implant planning has become more sophisticated in recent years, and the easy availability for most dentists to utilize CBCT makes the process easier.
As a restorative dentist, my job is to determine where the tops of the teeth should be positioned to create the most esthetic and functional outcome for the patient. Then I need to figure out how to support that tooth position.
If the support comes in the form of an implant, the next job is to help my surgeon understand the optimal implant position in order to create the best restorative outcome. The surgeon’s job is to tell me if that is possible and what needs to be done to get there.
The best information for both the restorative doctor and the surgeon comes from a radiographic template that transfers the desired tooth position to the mouth in a form that can be included in a CBCT. There are many ways to create a radiographic template and, regardless of which you choose, it should satisfy these basic requirements:
- It should accurately replicate the desired final tooth position.
- The template should be radiolucent except for the teeth that will be restored with implant restorations.
- It must be stable and immoveable during the process of exposing the CBCT.
- It should have a channel through the radiopaque teeth that represents where the restorative dentist would like to have the screw head of the abutment exit the occlusal or incisal of the implant.
Radiographic templates are not surgical guides, they are a means to determine if the desired implant position is possible in a given situation and, if not, can help the surgeon make decisions on how to augment a surgical site. However, sometimes a radiographic template can be converted to a surgical guide if the desired implant position that is represented by the guide does not change after seeing the scan.
These templates can be easily and inexpensively fabricated in your office if you have a vacuform machine or a mini-star.
Steps in Creating a Radiographic Template
1. Start with a set of articulated diagnostic casts to determine if there is adequate restorative space.
2. Complete a diagnostic wax-up or place denture teeth of an appropriate size in the restorative space. Use weather-stripping compound or autopolymerizing epoxy to hold the denture teeth in place or make a model of the wax mock up.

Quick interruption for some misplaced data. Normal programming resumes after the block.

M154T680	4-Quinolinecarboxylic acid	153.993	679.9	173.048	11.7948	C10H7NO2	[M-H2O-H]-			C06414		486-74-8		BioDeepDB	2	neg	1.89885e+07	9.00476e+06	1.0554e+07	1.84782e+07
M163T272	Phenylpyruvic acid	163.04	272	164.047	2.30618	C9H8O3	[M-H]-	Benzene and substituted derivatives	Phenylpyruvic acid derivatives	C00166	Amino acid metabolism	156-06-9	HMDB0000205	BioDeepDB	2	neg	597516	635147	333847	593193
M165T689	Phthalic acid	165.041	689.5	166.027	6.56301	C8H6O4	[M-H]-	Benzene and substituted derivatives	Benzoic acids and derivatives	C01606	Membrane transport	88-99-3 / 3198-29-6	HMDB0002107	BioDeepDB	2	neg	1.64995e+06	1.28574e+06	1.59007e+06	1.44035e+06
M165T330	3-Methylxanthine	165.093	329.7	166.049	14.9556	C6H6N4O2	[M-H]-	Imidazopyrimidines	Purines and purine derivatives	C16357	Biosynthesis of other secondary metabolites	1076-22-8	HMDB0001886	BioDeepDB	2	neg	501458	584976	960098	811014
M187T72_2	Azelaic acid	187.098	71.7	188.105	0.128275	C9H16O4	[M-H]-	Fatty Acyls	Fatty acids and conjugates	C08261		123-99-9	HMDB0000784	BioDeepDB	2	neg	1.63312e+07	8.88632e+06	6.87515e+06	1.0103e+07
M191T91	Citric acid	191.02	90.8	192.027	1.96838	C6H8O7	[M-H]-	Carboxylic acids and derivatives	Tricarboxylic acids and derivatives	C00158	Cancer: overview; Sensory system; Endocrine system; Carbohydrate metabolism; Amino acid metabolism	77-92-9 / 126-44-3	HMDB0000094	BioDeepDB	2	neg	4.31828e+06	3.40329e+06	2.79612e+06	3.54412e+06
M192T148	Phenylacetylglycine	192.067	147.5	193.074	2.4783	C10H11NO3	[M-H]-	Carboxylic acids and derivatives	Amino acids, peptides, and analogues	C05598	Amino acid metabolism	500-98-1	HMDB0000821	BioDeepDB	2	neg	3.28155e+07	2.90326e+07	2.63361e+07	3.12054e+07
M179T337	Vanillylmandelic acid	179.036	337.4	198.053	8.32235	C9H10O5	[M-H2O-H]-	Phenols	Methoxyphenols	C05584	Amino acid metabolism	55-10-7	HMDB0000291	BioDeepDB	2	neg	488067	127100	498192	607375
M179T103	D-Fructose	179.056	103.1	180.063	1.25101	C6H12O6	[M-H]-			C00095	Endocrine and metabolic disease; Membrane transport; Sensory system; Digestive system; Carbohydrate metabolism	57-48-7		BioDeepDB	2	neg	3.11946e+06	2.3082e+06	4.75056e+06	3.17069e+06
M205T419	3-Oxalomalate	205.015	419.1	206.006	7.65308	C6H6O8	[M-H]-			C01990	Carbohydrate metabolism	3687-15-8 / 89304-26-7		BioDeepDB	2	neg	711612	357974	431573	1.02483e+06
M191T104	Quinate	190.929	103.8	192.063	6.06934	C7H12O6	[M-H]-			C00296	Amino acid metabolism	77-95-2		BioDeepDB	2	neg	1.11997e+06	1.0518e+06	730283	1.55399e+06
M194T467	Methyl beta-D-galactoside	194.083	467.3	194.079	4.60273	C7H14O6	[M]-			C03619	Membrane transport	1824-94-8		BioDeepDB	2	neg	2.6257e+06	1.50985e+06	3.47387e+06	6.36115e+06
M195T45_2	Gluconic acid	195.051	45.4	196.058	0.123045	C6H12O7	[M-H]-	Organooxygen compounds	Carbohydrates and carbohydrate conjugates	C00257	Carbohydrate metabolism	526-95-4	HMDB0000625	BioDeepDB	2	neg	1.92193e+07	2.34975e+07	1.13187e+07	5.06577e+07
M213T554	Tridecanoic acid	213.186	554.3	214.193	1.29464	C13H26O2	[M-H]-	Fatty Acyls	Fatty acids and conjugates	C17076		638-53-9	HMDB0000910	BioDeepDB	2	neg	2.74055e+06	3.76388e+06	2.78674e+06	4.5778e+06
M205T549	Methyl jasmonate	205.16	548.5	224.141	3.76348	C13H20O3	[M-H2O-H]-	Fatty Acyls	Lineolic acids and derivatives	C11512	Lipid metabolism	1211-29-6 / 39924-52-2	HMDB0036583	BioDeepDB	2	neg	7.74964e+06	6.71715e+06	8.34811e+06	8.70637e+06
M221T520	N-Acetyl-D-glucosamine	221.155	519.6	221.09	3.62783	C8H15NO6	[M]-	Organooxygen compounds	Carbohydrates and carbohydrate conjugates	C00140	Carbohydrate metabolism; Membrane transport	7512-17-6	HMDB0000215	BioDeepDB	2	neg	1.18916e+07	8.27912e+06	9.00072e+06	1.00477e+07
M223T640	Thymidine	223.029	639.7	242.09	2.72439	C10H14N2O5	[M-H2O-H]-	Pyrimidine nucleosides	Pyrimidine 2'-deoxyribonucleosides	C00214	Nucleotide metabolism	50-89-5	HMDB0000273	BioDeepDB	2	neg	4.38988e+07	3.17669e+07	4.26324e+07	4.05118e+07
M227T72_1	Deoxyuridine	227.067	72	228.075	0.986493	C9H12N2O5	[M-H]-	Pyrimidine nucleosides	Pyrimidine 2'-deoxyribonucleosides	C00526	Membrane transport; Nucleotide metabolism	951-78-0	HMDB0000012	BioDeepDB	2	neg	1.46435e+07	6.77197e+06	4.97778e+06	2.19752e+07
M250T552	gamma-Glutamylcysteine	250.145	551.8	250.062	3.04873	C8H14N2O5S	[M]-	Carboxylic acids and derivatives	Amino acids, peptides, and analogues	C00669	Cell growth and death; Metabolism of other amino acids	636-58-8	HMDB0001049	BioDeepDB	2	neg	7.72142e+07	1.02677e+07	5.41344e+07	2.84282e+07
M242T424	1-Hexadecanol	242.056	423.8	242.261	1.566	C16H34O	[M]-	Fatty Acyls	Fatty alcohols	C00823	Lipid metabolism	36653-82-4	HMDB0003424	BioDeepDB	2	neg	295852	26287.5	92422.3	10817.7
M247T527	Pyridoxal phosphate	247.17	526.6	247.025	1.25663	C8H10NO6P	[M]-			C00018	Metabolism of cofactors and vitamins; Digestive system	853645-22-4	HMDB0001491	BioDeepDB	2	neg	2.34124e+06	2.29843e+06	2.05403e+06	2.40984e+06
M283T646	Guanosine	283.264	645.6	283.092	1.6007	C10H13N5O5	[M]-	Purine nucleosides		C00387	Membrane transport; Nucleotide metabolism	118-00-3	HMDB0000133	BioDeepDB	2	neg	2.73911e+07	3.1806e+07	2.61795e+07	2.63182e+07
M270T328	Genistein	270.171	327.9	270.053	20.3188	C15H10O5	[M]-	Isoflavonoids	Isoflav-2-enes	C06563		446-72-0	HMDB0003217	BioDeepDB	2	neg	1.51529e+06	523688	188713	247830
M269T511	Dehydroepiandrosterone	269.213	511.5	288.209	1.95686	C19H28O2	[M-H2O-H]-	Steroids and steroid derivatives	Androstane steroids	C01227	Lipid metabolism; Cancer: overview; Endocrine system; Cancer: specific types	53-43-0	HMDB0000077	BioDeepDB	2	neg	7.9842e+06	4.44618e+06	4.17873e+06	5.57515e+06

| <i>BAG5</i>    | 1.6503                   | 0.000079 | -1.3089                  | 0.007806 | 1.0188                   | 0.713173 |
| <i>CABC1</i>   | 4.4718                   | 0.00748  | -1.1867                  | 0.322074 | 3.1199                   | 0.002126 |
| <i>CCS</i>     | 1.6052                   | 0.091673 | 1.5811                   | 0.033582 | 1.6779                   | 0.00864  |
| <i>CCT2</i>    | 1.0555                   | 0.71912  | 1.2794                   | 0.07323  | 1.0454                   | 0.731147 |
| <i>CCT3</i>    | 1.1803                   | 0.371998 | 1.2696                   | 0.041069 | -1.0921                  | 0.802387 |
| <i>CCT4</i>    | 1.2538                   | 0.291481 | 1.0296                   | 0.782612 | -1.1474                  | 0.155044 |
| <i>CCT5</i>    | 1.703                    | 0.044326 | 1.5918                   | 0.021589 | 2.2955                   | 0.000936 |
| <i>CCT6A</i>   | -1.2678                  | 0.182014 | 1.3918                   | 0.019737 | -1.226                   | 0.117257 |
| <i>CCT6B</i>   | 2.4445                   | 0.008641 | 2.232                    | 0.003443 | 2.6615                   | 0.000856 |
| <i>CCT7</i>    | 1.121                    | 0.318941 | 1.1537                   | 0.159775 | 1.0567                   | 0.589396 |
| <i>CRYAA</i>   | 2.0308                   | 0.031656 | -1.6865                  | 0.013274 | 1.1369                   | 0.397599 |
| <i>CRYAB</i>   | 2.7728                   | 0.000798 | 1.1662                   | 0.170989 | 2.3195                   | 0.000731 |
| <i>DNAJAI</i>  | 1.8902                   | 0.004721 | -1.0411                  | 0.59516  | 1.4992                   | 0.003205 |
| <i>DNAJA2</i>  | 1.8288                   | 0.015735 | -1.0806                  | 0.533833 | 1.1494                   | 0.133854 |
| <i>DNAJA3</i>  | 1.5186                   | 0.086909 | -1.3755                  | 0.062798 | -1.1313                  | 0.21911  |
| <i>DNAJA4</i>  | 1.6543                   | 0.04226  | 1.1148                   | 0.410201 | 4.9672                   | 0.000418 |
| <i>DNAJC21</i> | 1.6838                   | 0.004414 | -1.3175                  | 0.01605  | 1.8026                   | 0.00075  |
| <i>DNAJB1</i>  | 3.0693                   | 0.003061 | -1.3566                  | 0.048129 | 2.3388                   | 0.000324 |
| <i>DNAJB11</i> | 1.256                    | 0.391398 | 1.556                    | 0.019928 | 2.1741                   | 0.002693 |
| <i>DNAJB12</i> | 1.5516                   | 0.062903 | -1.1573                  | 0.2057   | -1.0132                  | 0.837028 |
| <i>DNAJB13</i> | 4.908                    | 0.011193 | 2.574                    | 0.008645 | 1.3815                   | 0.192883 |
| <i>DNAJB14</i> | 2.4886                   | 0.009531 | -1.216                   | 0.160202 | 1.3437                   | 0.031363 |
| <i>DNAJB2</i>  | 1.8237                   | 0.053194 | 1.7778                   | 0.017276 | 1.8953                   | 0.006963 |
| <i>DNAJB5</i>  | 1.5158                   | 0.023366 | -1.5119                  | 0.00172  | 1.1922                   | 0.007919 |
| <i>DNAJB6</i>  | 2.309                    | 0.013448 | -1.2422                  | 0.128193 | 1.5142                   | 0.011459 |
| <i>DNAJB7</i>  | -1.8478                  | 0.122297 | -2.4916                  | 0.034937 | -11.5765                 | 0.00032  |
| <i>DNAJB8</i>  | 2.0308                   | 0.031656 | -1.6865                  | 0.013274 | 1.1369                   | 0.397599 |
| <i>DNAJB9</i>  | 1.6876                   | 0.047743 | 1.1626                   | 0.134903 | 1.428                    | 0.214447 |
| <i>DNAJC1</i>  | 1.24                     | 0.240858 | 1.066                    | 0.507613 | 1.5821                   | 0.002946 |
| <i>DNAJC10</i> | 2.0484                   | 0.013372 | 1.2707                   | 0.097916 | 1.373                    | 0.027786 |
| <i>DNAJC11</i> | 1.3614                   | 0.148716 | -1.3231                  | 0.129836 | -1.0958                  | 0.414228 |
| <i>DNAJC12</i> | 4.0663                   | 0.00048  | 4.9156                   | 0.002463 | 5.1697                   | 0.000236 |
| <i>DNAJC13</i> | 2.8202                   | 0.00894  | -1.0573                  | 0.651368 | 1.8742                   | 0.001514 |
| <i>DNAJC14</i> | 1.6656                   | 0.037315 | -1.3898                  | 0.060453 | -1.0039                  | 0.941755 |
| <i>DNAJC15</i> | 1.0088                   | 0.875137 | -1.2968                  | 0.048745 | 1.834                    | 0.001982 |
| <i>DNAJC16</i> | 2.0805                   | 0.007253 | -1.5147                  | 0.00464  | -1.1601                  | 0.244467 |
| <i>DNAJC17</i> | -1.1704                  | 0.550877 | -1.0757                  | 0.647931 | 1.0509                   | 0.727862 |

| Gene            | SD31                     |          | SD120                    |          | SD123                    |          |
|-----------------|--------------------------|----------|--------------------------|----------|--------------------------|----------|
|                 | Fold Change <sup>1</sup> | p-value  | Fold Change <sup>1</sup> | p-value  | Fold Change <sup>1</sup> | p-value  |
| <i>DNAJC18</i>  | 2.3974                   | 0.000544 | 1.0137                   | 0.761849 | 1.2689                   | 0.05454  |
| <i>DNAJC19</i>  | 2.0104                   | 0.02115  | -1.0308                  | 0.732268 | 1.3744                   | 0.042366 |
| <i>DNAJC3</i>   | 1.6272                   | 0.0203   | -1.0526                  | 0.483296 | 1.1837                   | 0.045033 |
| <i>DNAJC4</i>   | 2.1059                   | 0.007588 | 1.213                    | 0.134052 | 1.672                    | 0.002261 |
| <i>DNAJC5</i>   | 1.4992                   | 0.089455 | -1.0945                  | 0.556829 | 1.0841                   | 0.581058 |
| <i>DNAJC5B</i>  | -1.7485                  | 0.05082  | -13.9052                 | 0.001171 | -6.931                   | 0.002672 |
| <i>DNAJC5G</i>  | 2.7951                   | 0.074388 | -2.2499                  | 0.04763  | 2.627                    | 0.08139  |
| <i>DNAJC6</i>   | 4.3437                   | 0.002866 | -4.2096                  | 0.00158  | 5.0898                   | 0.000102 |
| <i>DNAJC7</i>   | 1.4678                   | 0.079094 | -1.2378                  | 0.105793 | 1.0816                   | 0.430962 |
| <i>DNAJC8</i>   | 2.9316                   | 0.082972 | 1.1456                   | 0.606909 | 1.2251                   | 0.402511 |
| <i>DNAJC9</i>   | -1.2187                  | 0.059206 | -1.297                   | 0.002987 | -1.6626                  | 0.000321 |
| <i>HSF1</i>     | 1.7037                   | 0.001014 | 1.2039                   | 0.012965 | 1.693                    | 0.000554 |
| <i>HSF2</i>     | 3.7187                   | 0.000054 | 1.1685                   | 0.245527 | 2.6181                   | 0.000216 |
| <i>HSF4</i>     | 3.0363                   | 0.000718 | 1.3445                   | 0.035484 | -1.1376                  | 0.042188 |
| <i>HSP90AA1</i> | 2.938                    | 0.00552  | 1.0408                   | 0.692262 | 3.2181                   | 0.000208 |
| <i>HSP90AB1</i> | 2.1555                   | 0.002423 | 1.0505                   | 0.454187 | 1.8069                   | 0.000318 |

(Click here for more information on creating diagnostic wax-ups.)
3. Using 1.5 mm clear splint material, do a vacuform over the denture teeth or model of the wax-up.
4. The appliance should then be trimmed so that the desired gingival levels of the final restorations are intact. The remaining teeth should be trimmed back so that 1-2 mm of overlapping acrylic remains to stabilize the template. This is an important landmark for the surgeon.
5. Using a radiopaque self-curing methylmethacrylate mixed to a putty consistency, fill the space left by the denture teeth or wax-up.
6. Trim the excess acylic back to the gingival margins.
7. Spot the desired exit point of the implant platform on occlusal surface of the teeth.
8. Using a 2 mm twist drill or disposable implant drill cut a hole through the acrylic until the drill touches the stone model.
9. Clean up the edges using an acrylic finishing bur.
10. When tried in, the template should be solid and stable and have a “snap-fit.”
The patient can be instructed in how to insert the appliance and can take it with them if they are having the CBCT done outside of your office. The end result will give you and the surgeon a more clear understanding of potential implant positions. The hole that is drilled through the teeth will be radiolucent on the CBCT and serve as an indicator of possible implant angulation that can be corrected by the surgeon as the case is planned.
If the CBCT exam shows that the proposed position is acceptable and that no grafting is needed, this radiographic guide can be converted to a surgical guide by simply inserting metal sleeves that are the appropriate diameter to the drills the surgeon prefers.